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Technology Appeals court allows parents to sue Snap over 100mph car crash


Technology

Technology Appeals court allows parents to sue Snap over 100mph car crash

Section 230 — The parents argued a Snapchat filter encouraged their boys to drive recklessly. Timothy B. Lee – May 5, 2021 8:36 pm UTC Enlarge / The Snapchat speed filter in action.9th Circuit opinionA California federal appeals court has denied legal immunity to Snapchat developer Snap for the 2017 death of two teens and…

Technology Appeals court allows parents to sue Snap over 100mph car crash

Technology

Section 230 —

The parents argued a Snapchat filter encouraged their boys to drive recklessly.


Technology Stock photo of extreme close-up of redline speedometer.

Technology The Snapchat speed filter in action.

Enlarge / The Snapchat speed filter in action.

9th Circuit opinion

A California federal appeals court has denied legal immunity to Snapchat developer Snap for the 2017 death of two teens and a 20-year-old when their car crashed into a tree at 113 miles per hour (180 km/h). Parents of two of the boys sued Snap, arguing that Snapchat’s “speed filter” encouraged the boys to accelerate their car to more than 100 miles per hour.

Last year, Snap convinced a federal trial judge that Section 230 of the Communications Decency Act shielded Snap from liability in the case. The once-obscure 1996 law has become a frequent source of controversy as technology giants have used it to disclaim responsibility for harmful content on their platforms.

Snap argued that the law gave it immunity in the boys’ death. Snapchat pioneered the use of image filters, a feature that has been widely copied by other apps. In 2017, Snapchat’s offerings included a speed filter that displayed a user’s current speed—either on its own or superimposed on the user’s photo. Users could use this filter to show their friends how fast they were moving at the time of the post.

“At some point during their drive, the boys’ car began to speed as fast as 123 MPH,” the 9th Circuit Appeals Court wrote in Tuesday’s ruling. “They sped along at these high speeds for several minutes, before they eventually ran off the road at approximately 113 MPH and crashed into a tree. Tragically, their car burst into flames, and all three boys died.”

Shortly before the crash, one of the boys opened the Snapchat app and used the speed filter to document how fast the car was moving.

“Many of Snapchat’s users suspect, if not actually believe, that Snapchat will reward them for recording a 100-MPH or faster snap using the Speed Filter,” the appeals court wrote. “According to plaintiffs, this is a game for Snap and many of its users with the goal being to reach 100 MPH, take a photo or video with the Speed Filter, and then share the 100-MPH-Snap on Snapchat.”

The parents sued, arguing that Snapchat is a negligently designed product. They argued that Snap knew—or should have known—that offering the speed filter would encourage young people to drive at dangerously high speeds to impress their friends and possibly earn rewards on the Snapchat platform.

Snap said that it was shielded by Section 230 because the company was being held responsible for the content of the boy’s snap. A lower court bought that argument, but a three-judge panel of the Ninth Circuit rejected it.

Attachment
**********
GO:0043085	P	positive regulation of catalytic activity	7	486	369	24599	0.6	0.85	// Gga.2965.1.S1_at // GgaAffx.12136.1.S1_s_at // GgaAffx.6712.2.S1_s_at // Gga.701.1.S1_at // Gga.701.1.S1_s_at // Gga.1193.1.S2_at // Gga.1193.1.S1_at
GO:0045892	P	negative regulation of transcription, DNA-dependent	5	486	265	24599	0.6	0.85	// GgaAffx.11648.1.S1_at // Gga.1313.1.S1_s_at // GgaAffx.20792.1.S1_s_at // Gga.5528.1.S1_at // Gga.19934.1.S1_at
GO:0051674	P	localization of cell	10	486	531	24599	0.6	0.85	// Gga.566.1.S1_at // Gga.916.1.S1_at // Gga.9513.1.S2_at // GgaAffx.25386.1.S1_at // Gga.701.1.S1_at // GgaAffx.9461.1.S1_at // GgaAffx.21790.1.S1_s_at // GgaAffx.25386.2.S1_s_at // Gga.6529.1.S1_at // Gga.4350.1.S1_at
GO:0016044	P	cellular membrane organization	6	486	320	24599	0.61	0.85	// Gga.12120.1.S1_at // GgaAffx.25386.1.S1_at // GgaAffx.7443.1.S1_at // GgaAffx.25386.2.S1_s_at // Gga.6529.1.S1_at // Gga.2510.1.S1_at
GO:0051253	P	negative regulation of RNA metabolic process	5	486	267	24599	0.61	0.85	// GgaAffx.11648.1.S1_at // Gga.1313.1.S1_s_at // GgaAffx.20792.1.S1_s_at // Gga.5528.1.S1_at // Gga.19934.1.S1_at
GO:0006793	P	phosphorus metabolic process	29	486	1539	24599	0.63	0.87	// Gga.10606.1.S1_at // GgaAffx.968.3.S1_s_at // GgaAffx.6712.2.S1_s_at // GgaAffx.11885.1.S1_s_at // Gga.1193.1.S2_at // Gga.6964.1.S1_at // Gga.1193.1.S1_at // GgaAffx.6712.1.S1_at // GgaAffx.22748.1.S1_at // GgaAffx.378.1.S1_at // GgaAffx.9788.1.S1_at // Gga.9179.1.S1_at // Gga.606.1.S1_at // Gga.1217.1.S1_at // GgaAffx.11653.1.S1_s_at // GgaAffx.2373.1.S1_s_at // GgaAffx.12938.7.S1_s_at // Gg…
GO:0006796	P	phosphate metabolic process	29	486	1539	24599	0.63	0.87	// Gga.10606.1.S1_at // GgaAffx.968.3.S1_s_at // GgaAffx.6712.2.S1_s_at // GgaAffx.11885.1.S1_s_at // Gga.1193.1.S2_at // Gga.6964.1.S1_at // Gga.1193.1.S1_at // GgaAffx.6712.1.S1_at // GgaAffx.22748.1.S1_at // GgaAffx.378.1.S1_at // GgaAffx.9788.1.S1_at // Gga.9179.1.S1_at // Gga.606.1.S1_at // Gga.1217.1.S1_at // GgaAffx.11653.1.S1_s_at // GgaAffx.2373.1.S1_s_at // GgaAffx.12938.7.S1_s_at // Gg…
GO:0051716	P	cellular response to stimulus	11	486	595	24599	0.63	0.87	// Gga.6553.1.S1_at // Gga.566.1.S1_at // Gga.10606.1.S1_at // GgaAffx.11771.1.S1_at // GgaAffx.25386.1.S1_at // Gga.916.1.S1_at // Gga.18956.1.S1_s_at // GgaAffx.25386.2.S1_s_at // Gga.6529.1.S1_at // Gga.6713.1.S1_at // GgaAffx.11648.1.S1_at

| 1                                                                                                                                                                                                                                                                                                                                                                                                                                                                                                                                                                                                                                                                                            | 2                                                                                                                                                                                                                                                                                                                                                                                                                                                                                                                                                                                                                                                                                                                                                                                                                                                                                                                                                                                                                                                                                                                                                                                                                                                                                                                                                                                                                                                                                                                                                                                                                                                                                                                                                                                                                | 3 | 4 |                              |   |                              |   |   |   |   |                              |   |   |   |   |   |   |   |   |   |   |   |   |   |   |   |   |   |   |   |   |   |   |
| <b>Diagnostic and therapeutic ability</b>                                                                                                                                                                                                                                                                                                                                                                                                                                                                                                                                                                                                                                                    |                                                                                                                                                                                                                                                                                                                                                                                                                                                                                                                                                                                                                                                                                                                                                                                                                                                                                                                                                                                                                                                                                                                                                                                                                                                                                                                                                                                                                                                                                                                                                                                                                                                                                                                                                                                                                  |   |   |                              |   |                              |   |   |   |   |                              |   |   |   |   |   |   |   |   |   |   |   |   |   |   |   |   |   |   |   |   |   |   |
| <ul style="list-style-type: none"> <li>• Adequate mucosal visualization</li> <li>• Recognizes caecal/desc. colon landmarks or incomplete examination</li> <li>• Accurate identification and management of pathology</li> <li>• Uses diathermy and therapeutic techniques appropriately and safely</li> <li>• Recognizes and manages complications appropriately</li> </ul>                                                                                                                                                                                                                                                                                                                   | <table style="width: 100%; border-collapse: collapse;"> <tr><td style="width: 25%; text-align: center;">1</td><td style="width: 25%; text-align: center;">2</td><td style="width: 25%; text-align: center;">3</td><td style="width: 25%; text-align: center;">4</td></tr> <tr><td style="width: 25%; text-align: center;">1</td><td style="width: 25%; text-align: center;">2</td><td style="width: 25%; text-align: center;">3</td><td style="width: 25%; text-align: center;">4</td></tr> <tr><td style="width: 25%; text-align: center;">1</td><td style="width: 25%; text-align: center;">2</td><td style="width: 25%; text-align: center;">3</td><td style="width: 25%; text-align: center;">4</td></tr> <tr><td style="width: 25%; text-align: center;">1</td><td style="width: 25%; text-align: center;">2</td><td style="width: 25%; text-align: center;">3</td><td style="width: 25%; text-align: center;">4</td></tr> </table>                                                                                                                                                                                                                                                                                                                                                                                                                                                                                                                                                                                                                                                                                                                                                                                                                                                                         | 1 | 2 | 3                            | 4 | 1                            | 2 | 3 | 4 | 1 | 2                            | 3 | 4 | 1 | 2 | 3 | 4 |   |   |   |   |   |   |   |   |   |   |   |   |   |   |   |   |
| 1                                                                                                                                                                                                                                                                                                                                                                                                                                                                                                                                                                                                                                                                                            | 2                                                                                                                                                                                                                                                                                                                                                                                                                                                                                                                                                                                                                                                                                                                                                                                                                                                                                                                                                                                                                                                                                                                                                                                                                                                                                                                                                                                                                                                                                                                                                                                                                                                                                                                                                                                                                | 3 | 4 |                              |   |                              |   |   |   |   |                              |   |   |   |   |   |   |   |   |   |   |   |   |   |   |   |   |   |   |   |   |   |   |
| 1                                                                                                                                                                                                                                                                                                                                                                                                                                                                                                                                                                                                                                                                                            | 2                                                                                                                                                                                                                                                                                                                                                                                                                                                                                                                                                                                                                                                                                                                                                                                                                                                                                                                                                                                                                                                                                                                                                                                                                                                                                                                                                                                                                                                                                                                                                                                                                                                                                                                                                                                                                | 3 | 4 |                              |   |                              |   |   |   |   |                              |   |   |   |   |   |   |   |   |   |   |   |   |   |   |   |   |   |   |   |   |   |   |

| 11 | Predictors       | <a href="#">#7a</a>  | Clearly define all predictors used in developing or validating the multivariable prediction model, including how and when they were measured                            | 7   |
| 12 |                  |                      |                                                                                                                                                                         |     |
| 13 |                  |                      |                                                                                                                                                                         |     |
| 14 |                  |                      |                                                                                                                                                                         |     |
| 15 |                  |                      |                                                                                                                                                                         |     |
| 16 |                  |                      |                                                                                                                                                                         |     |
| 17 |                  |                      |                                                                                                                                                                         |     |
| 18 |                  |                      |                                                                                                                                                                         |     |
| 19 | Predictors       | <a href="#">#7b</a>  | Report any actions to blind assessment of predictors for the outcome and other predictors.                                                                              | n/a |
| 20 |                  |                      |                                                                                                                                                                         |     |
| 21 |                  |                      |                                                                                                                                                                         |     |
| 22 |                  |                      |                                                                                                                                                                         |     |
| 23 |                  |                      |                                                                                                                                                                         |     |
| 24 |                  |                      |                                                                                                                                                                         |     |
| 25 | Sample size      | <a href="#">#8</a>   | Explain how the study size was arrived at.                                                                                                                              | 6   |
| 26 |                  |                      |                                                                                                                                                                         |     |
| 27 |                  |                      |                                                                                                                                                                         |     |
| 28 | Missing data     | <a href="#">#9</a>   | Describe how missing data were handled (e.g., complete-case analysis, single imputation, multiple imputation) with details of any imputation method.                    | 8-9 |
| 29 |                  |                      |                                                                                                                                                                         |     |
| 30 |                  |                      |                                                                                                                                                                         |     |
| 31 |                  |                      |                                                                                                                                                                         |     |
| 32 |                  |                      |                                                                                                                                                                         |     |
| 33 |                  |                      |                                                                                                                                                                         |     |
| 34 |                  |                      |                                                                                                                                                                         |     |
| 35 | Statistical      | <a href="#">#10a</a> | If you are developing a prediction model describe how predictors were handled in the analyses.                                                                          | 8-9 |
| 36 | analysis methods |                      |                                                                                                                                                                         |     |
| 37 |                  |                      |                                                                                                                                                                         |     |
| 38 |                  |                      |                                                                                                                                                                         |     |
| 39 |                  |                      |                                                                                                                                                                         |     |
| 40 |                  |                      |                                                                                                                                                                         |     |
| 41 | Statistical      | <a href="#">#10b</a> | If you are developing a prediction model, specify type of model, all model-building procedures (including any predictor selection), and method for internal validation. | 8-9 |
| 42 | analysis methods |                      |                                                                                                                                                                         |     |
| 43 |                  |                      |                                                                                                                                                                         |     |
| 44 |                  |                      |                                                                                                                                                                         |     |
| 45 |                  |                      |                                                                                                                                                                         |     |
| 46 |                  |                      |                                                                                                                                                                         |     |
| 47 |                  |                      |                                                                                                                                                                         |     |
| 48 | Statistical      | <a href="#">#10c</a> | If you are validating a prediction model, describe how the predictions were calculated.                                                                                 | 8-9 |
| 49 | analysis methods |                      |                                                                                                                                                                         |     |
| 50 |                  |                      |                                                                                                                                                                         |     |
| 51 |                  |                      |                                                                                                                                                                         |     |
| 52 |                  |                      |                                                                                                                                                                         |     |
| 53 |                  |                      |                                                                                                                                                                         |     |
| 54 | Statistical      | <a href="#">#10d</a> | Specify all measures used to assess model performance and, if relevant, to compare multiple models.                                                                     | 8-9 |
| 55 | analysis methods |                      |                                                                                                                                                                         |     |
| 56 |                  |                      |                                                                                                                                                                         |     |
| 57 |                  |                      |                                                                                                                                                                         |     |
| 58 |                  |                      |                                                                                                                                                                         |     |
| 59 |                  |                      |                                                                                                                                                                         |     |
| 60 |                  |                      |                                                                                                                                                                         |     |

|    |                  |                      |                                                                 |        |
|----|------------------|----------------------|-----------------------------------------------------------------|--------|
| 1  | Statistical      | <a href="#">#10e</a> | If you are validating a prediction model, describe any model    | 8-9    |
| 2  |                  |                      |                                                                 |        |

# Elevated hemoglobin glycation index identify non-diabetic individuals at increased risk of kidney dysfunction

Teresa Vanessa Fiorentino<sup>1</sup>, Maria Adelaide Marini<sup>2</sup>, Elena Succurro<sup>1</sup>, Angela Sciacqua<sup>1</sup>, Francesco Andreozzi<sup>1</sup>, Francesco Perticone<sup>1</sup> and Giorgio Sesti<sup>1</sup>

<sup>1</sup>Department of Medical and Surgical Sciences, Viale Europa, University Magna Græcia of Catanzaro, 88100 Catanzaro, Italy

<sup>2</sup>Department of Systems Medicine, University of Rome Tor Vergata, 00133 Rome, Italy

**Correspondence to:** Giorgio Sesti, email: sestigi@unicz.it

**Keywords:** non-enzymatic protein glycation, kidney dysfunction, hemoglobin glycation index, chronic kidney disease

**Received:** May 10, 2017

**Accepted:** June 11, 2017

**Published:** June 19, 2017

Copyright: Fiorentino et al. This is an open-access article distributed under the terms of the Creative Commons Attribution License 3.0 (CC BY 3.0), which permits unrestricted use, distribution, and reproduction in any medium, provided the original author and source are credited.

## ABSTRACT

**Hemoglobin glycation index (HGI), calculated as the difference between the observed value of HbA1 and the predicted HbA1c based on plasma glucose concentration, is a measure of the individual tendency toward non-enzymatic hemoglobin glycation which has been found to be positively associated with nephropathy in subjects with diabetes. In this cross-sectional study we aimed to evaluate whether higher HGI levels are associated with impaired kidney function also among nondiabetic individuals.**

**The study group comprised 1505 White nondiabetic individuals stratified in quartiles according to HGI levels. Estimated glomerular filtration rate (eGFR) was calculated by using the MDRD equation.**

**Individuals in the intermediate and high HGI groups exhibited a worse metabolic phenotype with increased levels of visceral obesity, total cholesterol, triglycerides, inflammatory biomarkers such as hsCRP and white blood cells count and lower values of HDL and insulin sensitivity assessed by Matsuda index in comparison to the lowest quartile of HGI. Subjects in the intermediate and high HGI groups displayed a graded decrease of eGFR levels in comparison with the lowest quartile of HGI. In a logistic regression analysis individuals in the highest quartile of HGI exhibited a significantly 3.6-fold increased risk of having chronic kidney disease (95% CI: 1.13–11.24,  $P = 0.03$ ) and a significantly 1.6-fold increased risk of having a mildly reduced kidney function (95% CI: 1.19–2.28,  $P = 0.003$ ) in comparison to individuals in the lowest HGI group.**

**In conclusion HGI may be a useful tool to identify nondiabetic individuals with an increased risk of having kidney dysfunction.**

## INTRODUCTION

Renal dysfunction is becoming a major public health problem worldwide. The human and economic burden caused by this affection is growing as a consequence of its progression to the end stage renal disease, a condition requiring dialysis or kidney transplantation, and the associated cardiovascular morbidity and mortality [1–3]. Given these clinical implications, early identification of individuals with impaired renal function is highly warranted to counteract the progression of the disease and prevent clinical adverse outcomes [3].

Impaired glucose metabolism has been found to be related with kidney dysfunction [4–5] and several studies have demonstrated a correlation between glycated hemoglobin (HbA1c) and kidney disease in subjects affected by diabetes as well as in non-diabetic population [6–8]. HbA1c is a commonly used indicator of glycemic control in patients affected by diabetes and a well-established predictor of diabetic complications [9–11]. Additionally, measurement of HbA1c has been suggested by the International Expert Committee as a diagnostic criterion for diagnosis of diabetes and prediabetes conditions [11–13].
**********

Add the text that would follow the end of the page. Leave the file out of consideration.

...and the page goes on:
“The parents’ complaint does not seek to hold Snap liable for its conduct as a publisher or speaker,” the appeals court said. “Their negligent design lawsuit treats Snap as a products manufacturer, accusing it of negligently designing a product (Snapchat) with a defect (the interplay between Snapchat’s reward system and the speed filter).”

The case is far from over. Now that we know Snap doesn’t enjoy Section 230 immunity, the case will go back to the trial court to determine whether Snap is actually liable for the boys’ death.

Technology Defective products?

Tuesday’s opinion cited a landmark 2016 ruling by the same Ninth Circuit Appeals Court that also rejected Section 230 immunity. In that case, a woman sued a modeling site after men used it to lure her into a fake modeling gig and rape her. She alleged that the site knew her rapist had used the site to lure other women and hadn’t done anything to warn its users about the threat.

The modeling site claimed immunity under Section 230, but the appeals court rejected that argument, finding that the lawsuit wasn’t trying to hold them responsible for the content of user posts. Rather, it was about failing to warn users about a danger faced by women using the site.

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Last year, I wrote about another case where courts did find that Section 230 immunity applied. A man posted fake profiles to the gay dating app Grindr as a way of harassing an ex-boyfriend. The profiles claimed the ex-boyfriend was interested in rough sex and had rape fantasies.

“There would be intruders in the stairwell at his apartment building waiting for him,” the victim’s lawyer told Ars in a 2019 interview. “They would follow him when he was outside walking his dog. On one day, four men came in four minutes.”

After repeatedly reporting the problem to Grindr without much effect, the ex-boyfriend sued Grindr. Much like the parents in the Snap case, the ex-boyfriend argued that a lack of effective anti-harassment tools made Grindr a defective product. But Grindr successfully invoked Section 230, arguing that it couldn’t be held responsible for the content of fake dating profiles submitted by users—even if the profiles resulted in real-world violence.

Many politicians—including Presidents Donald Trump and Joe Biden—have called for modification or repeal of Section 230. However, there’s no consensus about how to change the law or what might take its place.

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